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4-H youth explore careers, college experience

high school student observes Baxter the robot
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A high school student observes Baxter the robot as part of a hands-on workshop during Cornell Cooperative Extension’s 4-H Career Explorations conference.
Cate Schick launches a glider
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Cate Schick, 16, of Garden City, New York, launches a glider she constructed as part of the “Geospatial Discovery” track at Cornell Cooperative Extension’s 4-H Career Explorations conference.

Nearly 380 middle and high school students from 42 New York counties streamed across campus June 28-30 to launch rockets, dissect mouse embryos, calibrate watershed models, program robots and learn what it takes to create a sustainable future. Those activities were among the many hands-on workshops taught by Cornell faculty, staff and graduate students at the 4-H Career Explorations conference, an annual event targeting 4-H’s mission of healthy living, leadership, citizenship and STEM (science, technology, engineering and mathematics).

With Cornell’s campus as a launch pad, the event is fueled by the sharing of research tools and expertise facilitated by the Colleges of Human Ecology, Agriculture and Life Sciences, Arts and Sciences, and Engineering and the Faculty of Computing and Information Science.

“Through these resources, we want to spark youth interest in careers and career pathways while helping them develop academic, leadership and life skills,” says organizer Alexa Maille, New York State 4-H STEM specialist with Cornell Cooperative Extension (CCE) at the Bronfenbrenner Center for Translational Research, a research and outreach arm of the College of Human Ecology. “And through it all, we’re also hoping to foster a connection between Cornell and each kid who participates.”

For Cate Schick, 16, of Garden City, New York, that’s exactly what happened. Along with providing learning and leadership opportunities, Career Explorations has allowed her to take the Cornell student experience for a Big Red test drive.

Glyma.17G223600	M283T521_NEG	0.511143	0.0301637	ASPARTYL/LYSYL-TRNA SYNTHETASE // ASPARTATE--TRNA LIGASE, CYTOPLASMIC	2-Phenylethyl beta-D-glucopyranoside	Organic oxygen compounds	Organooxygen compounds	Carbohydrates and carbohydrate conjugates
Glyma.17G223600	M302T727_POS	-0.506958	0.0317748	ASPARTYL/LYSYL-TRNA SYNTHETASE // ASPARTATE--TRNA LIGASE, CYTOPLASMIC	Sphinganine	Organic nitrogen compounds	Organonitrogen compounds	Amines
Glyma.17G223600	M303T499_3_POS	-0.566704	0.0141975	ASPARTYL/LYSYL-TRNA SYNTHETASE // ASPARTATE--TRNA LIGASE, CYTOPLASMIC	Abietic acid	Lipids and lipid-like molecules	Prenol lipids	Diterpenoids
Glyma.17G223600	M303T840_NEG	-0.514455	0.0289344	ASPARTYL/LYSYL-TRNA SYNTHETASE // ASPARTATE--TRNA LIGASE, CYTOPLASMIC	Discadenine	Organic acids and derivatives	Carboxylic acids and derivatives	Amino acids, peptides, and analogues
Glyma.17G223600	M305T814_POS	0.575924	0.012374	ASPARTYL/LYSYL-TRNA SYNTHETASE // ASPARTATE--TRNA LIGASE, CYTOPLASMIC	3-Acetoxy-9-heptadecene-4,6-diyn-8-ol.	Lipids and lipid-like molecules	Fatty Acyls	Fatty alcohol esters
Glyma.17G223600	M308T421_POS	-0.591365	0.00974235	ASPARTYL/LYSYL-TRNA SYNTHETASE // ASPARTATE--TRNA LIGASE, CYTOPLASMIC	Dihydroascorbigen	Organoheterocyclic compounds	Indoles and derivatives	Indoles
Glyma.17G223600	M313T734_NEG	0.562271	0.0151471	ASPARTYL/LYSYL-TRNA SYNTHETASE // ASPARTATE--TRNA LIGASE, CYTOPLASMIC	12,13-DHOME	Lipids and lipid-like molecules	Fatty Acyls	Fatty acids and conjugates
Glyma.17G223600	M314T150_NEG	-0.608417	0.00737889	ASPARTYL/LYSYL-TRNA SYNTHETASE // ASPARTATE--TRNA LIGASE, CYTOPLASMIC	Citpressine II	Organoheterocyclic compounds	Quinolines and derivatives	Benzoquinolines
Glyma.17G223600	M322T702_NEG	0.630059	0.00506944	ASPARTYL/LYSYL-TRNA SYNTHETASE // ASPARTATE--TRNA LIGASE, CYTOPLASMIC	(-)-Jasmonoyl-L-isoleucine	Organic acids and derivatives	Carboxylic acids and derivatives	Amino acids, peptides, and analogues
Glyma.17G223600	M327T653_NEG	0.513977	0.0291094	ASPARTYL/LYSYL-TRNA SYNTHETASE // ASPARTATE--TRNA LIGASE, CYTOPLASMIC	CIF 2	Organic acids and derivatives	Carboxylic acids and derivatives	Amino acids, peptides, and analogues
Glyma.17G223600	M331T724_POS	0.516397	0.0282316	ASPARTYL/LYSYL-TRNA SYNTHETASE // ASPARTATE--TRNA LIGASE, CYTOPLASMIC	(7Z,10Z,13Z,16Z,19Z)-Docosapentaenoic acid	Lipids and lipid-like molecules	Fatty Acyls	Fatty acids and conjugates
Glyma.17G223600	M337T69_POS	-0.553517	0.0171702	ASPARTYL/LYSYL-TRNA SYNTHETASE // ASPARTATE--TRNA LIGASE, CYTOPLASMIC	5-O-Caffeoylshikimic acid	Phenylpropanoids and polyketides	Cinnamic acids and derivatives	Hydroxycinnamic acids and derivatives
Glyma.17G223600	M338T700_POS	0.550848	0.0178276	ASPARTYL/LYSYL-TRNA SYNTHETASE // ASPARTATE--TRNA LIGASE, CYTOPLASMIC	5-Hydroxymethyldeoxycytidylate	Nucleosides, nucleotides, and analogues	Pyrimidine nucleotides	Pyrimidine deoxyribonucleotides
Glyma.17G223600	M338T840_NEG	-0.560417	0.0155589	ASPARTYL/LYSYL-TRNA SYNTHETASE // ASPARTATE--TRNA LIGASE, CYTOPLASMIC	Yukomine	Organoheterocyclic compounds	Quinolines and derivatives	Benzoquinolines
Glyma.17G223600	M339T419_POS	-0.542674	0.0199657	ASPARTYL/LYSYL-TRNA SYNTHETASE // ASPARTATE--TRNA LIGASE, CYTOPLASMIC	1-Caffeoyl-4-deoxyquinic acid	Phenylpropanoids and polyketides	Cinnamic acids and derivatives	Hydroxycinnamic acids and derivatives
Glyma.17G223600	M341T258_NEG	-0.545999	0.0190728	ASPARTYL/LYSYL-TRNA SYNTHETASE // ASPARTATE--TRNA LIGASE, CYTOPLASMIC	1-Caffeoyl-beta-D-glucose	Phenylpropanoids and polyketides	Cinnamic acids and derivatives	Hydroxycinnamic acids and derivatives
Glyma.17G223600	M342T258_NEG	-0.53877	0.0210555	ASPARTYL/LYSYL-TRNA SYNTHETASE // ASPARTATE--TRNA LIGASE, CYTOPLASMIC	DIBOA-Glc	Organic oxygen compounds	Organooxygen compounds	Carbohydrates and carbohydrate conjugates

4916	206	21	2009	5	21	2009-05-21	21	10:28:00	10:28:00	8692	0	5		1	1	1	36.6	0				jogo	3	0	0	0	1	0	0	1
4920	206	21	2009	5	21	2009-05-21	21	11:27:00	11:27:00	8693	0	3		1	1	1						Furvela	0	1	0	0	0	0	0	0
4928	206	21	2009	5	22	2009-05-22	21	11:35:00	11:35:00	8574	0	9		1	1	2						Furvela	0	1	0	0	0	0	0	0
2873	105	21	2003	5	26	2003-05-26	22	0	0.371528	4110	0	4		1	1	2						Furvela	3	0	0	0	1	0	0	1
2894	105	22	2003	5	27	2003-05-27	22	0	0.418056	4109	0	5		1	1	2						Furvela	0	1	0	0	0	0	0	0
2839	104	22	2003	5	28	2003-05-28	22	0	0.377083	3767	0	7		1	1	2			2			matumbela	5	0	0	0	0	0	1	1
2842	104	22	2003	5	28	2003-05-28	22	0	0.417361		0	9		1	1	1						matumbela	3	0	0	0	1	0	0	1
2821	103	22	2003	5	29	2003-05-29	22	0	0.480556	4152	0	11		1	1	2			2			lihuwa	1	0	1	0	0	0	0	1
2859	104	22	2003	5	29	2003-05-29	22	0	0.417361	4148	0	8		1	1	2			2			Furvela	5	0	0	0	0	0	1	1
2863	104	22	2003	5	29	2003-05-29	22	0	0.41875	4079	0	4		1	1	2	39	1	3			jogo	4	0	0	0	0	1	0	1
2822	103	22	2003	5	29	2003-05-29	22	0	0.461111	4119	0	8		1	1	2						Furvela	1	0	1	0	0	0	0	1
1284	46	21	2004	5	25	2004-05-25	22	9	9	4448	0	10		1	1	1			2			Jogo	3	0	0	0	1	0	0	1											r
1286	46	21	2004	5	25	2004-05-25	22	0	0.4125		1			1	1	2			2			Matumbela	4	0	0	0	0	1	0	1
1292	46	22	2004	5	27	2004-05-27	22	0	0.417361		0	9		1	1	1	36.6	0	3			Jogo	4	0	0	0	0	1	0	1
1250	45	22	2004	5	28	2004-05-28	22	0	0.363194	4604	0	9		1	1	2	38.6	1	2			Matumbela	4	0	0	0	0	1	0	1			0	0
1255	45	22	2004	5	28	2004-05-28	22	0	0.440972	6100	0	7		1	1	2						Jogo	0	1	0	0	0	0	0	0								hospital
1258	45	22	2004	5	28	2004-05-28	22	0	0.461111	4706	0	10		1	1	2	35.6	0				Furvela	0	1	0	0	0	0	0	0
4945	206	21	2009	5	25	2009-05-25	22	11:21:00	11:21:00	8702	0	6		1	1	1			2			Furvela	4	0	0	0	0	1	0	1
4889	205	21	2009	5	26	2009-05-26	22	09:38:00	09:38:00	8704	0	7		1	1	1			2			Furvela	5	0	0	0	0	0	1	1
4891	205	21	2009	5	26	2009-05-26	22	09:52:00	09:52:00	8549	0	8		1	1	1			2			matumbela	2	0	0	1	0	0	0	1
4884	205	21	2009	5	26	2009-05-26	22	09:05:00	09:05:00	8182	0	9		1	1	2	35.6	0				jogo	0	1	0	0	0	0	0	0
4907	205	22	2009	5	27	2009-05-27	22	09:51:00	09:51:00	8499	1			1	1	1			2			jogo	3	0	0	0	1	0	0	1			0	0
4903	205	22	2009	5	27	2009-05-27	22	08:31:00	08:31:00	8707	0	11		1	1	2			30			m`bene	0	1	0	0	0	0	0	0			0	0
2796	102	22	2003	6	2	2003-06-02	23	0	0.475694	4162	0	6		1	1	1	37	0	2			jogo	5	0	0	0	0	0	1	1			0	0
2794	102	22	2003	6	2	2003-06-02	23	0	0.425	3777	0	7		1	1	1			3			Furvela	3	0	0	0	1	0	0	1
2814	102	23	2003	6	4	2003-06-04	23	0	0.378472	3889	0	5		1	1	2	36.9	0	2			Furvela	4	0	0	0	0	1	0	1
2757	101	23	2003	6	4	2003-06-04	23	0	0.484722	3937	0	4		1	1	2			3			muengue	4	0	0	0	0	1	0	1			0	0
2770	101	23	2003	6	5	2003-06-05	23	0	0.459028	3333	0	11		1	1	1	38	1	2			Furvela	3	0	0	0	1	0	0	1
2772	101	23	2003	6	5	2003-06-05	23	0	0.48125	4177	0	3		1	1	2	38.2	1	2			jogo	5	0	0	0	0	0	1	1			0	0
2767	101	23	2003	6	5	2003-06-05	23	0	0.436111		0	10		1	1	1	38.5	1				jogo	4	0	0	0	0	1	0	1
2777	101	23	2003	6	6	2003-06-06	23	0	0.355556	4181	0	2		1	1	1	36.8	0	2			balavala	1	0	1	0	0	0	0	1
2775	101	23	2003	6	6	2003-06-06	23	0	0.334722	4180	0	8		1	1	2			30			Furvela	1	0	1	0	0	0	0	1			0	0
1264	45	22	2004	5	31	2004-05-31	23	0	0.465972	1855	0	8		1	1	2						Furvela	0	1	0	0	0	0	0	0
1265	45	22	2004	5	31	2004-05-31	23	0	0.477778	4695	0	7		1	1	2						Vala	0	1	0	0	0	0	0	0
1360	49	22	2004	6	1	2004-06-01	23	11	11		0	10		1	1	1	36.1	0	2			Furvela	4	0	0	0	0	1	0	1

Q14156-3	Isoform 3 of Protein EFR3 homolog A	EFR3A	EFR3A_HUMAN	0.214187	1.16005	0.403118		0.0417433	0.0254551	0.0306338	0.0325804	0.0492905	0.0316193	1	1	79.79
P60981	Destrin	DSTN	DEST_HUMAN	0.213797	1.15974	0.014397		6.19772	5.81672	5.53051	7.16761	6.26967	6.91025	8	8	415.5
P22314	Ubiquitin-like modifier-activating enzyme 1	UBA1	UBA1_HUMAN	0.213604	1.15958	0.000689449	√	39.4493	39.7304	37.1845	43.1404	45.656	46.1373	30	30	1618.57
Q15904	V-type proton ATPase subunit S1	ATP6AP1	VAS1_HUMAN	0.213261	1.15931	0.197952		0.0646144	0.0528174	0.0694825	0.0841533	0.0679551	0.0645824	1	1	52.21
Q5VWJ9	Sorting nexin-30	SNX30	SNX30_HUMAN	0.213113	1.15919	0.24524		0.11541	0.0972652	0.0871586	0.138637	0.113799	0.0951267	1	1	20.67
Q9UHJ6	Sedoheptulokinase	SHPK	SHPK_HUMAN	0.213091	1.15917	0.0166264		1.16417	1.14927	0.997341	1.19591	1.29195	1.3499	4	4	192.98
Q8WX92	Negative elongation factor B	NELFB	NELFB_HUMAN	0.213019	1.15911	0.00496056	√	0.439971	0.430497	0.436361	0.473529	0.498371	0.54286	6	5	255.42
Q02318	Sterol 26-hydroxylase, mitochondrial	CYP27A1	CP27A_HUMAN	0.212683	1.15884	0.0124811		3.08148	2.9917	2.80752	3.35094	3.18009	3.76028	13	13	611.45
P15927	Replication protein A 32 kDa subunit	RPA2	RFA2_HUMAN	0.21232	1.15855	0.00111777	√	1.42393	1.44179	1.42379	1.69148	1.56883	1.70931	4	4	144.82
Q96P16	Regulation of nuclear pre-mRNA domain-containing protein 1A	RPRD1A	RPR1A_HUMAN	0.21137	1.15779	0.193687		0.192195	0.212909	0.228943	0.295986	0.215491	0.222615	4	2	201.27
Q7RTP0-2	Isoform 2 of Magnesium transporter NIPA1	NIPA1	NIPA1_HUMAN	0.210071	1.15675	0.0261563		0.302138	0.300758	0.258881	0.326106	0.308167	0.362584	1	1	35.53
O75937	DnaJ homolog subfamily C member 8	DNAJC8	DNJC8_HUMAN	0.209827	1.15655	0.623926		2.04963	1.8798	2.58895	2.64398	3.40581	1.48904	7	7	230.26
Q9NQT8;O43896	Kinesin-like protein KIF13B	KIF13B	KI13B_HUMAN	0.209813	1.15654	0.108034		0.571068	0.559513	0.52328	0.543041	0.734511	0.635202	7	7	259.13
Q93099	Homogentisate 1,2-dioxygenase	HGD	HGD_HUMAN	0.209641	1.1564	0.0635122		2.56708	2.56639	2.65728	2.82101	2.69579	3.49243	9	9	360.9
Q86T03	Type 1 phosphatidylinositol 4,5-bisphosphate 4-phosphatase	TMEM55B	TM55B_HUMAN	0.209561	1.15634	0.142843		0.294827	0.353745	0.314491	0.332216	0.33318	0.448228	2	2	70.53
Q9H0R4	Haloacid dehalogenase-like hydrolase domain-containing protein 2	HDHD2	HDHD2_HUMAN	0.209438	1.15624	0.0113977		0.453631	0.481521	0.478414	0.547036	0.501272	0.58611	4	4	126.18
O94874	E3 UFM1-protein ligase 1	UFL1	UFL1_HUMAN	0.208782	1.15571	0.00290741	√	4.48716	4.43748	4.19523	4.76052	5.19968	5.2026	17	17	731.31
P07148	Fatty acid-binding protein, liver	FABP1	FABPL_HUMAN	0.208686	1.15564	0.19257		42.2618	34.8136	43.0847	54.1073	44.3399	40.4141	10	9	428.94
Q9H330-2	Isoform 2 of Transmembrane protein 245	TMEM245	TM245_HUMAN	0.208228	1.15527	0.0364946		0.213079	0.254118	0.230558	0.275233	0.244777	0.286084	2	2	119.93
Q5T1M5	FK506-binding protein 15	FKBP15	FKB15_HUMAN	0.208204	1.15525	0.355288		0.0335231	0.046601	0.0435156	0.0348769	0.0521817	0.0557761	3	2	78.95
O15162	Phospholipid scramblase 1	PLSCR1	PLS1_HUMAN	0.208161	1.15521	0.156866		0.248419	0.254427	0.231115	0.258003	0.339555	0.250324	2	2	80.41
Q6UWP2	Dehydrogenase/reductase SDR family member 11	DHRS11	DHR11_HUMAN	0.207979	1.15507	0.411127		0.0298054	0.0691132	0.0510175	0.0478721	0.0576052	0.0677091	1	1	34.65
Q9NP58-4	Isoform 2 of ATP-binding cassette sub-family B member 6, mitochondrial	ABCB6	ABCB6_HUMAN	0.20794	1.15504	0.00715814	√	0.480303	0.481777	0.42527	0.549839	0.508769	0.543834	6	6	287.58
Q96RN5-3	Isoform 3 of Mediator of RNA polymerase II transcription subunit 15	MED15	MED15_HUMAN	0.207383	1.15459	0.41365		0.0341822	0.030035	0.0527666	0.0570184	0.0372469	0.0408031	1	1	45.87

“When I signed up for my first conference in 2015, I thought I might one day look at Cornell as one of the schools I would apply to, so it would be fun to visit,” she says. “But now, especially after these last two days, I know that it’s definitely where I want to go. It just feels like home.”

Participating in the “Geospatial Discovery” track led by Susan Hoskins, a senior extension associate in soil and crop sciences, Schick said learning about drones, mapping and remote sensing – and all of the related careers – was equal parts eye-opening and inspiring.

“Even though I really didn’t have much background on any of that stuff going in, it’s definitely spurred some new interests,” Schick says. “I’m already planning to get out and do some geocaching when I get home to Nassau County.”

Hoskins’ course was one of the event’s Focus for Teens career tracks aimed at the 265 participants heading into grades 10 through 12. Meanwhile, the 114 middle school attendees rotated through a series of 45-minute workshops on topics such as climate leadership, biomedical research, nutrition, polymer chemistry and coding.

Having just completed his fourth year of Career Explorations, 16-year-old Justin Bennett from Steuben County has sampled a variety of programming tracks during his 4-H experience. And while he’s impressed with the campus, loves meeting faculty and grad students, and like Schick hopes to one day attend Cornell, Bennett says it’s the interaction with other 4-H youth that he looks forward to the most each year.

“I love meeting and learning about other people,” he says. “Plus, being here is just plain fun. I enjoy working in groups on projects and being part of collaborative processes. It’s a great way to interact and to learn.”

CCE Distance Learning Educator Paul Treadwell concurs. Treadwell, now in his 16th year as a presenter at Career Explorations, led the Youth in Focus track “Making for Sustainability.” He believes the energy of youth along with their open minds and diverse voices is what drives the program’s continued success.

“There is always a degree of uncertainty when you meet a new group of youth,” Treadwell says. “It’s during that first hour together that the learning really begins – I learn about them, they learn about each other and together we define the program goals. And then the work begins as the teams form and begin to pick apart the challenge they have been given.

“Less than 48 hours later, the program ends, the kids head home and I stop to marvel in what has just happened,” he continues. “A group of kids from diverse parts of the state came together, learned from and with each other, thought together and developed solutions to a design challenge which they knew nothing about two short days ago. And they did this all with respect and openness and a willingness to speak, hear and share possibilities. It always humbles me. And it’s the reason why I look forward to running my 17th Career Explorations session next year.”

R.J. Anderson is a communications specialist/staff writer for Cornell Cooperative Extension.

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Melissa Osgood